Twitter, we are often rightly reminded, is not real life.
But after Thursday night’s debate, it seemed to inch closer to reality than what I was hearing in mainstream media.
Especially when it came to evaluating the performance of former vice president Joe Biden.
For CNN’s Chris Cillizza, Biden was “strong and presidential,” though not flawless. Barack Obama’s veep was particularly good when it mattered, said the cable network analyst: During the first few minutes of the debate when audience was biggest.
Cillizza proclaimed Biden the main winner of the third Democratic debate, a three-hour marathon of mind-numbing bloviation in Houston.
For Mollie O’Reilly, editor at large of Commonweal magazine — well, not so much.
Linking to a transcript of Biden’s incomprehensible answer to a question about reparations for slavery from ABC’s Linsey Davis, O’Reilly tweeted: “Biden fans, please, read this. He can’t do it. Your princess is in another castle.” The Q&A link was to Ashley Feinberg of Slate who called it “one of the top ten hardest things I’ve ever tried to transcribe.”
And, truly, the response belongs in some sort of Bizarre Answer Hall of Fame, drifting from an apparently unintended insult to low-income parents (“they don’t know quite what to do”) to a now-famous mention of record players as parenting tool to, yes, Venezuelan government leadership.
Nor was it just the high-profile tweeters with large followings making this point.
Max Coleman, a PhD student in sociology at the University of Indiana, tweeted: “When asked what to do about the legacy of slavery, Biden said we should bring social workers into black homes “to help them deal with how to raise their children.” (!) How is this not disqualifying?”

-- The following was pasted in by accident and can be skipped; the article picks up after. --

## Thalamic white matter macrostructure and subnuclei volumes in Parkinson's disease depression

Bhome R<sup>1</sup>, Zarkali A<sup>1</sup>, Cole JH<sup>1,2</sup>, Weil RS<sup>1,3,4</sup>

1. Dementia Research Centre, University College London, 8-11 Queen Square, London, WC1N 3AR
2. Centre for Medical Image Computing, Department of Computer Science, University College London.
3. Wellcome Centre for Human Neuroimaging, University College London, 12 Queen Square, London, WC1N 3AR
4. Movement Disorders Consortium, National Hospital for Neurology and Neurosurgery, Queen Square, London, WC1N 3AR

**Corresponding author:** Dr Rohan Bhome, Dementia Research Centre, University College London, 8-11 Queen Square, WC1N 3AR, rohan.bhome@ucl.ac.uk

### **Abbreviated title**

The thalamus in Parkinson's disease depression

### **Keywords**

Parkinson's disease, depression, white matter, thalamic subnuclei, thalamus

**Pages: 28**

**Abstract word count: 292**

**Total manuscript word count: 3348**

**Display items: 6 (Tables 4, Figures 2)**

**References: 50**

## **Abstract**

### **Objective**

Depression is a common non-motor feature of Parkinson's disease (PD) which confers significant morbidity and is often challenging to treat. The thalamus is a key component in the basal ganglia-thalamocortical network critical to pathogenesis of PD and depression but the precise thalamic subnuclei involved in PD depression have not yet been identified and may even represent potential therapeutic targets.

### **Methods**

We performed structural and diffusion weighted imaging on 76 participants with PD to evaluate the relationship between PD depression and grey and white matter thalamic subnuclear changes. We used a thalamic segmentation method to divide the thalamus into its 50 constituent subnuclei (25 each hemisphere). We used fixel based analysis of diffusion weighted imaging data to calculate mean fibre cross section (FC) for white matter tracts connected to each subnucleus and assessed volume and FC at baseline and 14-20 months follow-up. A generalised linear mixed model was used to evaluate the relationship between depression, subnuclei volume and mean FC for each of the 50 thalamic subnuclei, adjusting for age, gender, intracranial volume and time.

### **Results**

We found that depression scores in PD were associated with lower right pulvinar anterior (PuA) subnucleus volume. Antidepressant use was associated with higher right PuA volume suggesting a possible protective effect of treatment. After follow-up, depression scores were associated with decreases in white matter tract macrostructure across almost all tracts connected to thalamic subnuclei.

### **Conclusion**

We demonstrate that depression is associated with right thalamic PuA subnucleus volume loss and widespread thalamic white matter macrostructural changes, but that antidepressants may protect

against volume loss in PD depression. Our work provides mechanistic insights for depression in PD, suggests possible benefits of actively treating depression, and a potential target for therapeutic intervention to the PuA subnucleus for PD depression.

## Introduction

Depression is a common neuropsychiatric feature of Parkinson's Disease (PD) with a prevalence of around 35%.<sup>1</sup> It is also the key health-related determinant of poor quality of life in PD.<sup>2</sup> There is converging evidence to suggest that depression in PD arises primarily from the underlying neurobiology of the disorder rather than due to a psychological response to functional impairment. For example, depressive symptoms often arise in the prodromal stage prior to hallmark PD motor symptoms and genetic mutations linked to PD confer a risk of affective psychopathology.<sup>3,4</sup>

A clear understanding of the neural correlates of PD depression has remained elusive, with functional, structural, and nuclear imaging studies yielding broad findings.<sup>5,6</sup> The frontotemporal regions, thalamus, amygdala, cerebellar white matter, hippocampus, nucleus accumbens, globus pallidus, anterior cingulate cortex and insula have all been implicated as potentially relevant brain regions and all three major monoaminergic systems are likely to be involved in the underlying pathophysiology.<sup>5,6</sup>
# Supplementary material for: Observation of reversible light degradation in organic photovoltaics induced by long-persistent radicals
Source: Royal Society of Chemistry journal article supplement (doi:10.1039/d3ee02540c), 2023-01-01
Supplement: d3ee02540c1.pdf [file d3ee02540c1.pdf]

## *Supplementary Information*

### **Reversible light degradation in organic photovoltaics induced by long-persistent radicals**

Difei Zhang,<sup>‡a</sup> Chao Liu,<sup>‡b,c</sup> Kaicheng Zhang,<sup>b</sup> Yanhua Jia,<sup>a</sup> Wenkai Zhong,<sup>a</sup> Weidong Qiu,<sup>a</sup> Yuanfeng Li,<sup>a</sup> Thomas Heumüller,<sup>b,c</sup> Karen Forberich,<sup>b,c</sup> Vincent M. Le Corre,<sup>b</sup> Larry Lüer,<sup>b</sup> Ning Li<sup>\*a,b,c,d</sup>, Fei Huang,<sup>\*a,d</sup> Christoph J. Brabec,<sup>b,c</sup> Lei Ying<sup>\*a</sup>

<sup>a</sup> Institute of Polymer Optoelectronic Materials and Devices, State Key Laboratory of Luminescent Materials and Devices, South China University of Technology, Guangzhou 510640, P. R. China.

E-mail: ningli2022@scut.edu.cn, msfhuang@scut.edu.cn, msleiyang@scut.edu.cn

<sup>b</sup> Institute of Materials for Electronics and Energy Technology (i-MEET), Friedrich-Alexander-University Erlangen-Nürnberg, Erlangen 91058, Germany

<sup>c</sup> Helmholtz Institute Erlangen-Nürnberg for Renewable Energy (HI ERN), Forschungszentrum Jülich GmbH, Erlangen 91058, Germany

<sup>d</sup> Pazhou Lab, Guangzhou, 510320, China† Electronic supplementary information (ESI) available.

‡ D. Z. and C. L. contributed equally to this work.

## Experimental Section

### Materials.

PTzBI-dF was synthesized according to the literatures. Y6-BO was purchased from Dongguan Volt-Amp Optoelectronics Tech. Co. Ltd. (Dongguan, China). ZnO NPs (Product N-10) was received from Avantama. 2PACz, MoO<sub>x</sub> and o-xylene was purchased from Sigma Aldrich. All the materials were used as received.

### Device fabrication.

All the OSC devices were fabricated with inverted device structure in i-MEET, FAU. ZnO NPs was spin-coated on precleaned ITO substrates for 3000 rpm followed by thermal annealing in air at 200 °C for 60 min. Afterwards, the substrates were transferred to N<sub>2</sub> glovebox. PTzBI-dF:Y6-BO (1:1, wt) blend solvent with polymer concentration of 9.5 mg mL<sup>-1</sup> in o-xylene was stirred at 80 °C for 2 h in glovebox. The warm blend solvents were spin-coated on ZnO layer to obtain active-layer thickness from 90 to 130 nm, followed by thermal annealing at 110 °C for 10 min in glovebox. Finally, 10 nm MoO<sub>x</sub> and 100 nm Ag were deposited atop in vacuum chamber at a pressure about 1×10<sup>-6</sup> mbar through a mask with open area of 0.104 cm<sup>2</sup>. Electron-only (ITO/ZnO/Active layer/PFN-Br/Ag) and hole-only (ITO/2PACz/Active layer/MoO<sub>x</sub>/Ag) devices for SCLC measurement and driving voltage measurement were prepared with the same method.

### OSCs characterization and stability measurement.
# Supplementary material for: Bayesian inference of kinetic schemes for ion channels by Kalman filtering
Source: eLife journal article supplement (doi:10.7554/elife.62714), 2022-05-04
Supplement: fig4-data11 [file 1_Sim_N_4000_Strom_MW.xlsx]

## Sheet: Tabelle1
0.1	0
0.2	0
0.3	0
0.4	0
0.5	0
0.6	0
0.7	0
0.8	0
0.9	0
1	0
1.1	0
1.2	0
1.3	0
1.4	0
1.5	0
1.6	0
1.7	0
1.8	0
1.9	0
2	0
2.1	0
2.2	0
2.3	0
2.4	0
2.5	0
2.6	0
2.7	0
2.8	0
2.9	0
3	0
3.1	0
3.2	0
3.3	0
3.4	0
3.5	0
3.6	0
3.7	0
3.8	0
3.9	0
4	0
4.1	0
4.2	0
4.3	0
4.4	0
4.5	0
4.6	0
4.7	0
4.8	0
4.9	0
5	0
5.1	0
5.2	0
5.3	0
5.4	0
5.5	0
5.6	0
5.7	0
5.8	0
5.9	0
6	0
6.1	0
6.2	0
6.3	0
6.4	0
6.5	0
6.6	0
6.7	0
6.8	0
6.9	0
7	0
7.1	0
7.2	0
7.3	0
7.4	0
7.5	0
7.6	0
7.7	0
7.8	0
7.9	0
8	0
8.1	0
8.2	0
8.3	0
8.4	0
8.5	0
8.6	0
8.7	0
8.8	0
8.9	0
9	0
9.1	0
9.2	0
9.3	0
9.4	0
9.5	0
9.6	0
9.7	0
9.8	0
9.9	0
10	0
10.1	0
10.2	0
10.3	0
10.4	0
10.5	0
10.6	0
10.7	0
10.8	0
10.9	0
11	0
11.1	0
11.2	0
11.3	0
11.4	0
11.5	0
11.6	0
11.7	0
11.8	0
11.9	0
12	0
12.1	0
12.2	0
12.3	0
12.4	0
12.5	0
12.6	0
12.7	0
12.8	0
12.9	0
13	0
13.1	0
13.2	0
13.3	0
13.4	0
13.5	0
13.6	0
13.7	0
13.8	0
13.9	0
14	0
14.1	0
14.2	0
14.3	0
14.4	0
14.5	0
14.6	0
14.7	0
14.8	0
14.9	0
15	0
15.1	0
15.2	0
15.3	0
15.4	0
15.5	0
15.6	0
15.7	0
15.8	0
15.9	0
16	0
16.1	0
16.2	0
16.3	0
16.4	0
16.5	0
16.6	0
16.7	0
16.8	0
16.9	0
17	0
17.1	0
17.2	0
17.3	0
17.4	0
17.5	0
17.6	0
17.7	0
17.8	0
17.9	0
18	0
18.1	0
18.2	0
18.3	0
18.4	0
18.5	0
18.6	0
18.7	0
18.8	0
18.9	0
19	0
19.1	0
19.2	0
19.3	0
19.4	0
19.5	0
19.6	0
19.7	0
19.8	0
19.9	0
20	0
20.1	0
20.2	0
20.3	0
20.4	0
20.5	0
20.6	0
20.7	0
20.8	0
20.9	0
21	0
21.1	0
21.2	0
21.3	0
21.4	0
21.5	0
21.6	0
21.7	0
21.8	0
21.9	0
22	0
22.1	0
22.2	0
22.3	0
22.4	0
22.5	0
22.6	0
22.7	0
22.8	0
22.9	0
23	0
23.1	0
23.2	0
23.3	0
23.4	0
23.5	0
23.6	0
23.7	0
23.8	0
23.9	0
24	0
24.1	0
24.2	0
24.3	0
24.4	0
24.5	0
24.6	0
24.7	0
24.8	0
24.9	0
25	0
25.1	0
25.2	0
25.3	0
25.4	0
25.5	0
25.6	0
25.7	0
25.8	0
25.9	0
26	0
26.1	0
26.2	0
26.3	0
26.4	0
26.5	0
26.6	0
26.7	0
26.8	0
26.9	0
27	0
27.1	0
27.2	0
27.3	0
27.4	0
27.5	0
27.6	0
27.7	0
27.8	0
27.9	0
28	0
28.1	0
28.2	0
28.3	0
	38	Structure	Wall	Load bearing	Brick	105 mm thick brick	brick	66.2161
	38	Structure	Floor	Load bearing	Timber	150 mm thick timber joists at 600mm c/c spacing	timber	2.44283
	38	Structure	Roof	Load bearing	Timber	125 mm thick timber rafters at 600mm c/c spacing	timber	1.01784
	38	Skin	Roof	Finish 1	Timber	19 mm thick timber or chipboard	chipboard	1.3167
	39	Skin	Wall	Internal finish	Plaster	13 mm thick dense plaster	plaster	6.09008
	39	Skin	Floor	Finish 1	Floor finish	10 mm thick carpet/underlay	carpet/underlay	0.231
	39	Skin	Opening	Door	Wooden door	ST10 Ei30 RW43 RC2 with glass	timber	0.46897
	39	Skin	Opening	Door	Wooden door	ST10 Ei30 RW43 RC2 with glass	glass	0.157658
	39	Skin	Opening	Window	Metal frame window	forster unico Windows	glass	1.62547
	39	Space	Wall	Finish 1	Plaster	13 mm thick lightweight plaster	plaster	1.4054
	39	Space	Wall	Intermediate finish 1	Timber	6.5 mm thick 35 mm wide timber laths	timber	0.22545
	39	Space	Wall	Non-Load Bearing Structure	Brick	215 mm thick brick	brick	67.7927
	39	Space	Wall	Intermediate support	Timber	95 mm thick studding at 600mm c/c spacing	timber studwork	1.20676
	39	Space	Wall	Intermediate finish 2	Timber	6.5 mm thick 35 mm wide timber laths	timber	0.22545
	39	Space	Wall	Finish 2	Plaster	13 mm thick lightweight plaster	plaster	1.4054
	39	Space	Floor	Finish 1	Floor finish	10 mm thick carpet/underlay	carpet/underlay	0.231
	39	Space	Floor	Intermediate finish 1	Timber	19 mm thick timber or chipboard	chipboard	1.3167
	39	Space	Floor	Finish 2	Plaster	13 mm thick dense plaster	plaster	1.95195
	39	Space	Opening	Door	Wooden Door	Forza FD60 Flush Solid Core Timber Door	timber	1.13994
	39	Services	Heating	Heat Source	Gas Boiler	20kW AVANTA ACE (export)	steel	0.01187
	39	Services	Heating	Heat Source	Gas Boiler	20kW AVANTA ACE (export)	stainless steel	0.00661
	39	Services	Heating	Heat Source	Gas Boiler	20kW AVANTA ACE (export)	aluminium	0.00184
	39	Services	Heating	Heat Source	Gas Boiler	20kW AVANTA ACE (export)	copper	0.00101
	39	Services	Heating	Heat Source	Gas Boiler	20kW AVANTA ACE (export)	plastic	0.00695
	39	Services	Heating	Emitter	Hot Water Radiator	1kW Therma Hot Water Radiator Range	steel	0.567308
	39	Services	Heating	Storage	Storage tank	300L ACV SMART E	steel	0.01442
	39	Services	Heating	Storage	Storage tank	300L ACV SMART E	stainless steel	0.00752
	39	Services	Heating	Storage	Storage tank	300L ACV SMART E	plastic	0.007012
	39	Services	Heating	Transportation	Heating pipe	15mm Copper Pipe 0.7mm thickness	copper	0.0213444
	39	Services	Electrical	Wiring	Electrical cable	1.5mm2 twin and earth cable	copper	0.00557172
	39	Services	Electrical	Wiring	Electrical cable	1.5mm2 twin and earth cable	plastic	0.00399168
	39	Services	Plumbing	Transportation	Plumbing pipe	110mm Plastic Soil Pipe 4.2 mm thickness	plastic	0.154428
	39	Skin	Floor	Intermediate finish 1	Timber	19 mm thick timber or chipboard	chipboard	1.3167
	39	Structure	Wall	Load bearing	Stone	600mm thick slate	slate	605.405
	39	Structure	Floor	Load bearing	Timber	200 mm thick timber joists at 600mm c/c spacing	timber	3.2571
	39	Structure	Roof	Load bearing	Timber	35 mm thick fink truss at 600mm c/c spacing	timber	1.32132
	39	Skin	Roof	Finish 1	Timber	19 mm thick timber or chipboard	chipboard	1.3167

But back in the world of mainstream national media, Biden was looking solid.
Frank Bruni at the New York Times had the highest praise for Elizabeth Warren but thought that Biden’s performance would allow him to move on in good form: “Nothing on Thursday night broke his stride, such as it is...”
And Dan Balz of The Washington Post said Biden had “the kind of evening he needed.”
He “delivered the kind of performance his supporters have been waiting for — combative when needed and in the thick of the action throughout.”
And over at Fox News, pollster and analyst Doug Schoen, was effusive: Biden “was the night’s big winner.”
The former vice president “exhibited a much-needed display of strength and preparedness,” Schoen wrote. “He compellingly and convincingly delivered his core message of restoring, protecting and rebuilding the Obama-Biden record.”
Many viewers had moved on by the time Biden did some of his worst blathering.
As one close family member of mine texted, with more than half of the three hours left to go: “Right on cue, 9:20 and I’m checked out from the debate.”
Of course, it’s ridiculous to describe Twitter, in all its ragged glory, as unified. Far from it. And, granted, there was far from complete agreement on Biden’s Big Win even among the highest-profile mainstream sources opining on the biggest platforms:
Nate Silver, the data guru and editor of fivethirtyeight.com, while calling the whole debate a bit of a letdown, offered this on the former vice president:
“As was the pattern in the previous debate, Biden started out fairly strong and got worse as the night went along, and the evening will probably most be remembered for his rambling answer to a moderator’s question about the legacy of slavery.”
My theory for why Twitter was so much tougher on Biden than the big-time commentators is simple enough. It’s the difference between caring most about who is winning the horserace, and who actually deserves to.
And then there’s this: There’s room for more extremes of opinion there, among the multitudes of hot takes.
The real answer, I suppose, is to have watched the whole debate yourself.
But that’s an onerous assignment: a piece of homework most Americans are quite sensibly not prepared to take on.
And since Biden certainly was not disqualified — or apparently knocked off his front-runner position — he lives to fight another day.
And another. And another. (There are nine more Democratic debates to go.)
There’s plenty of time, in other words, to make your own judgment. Or at least decide whom you want to believe.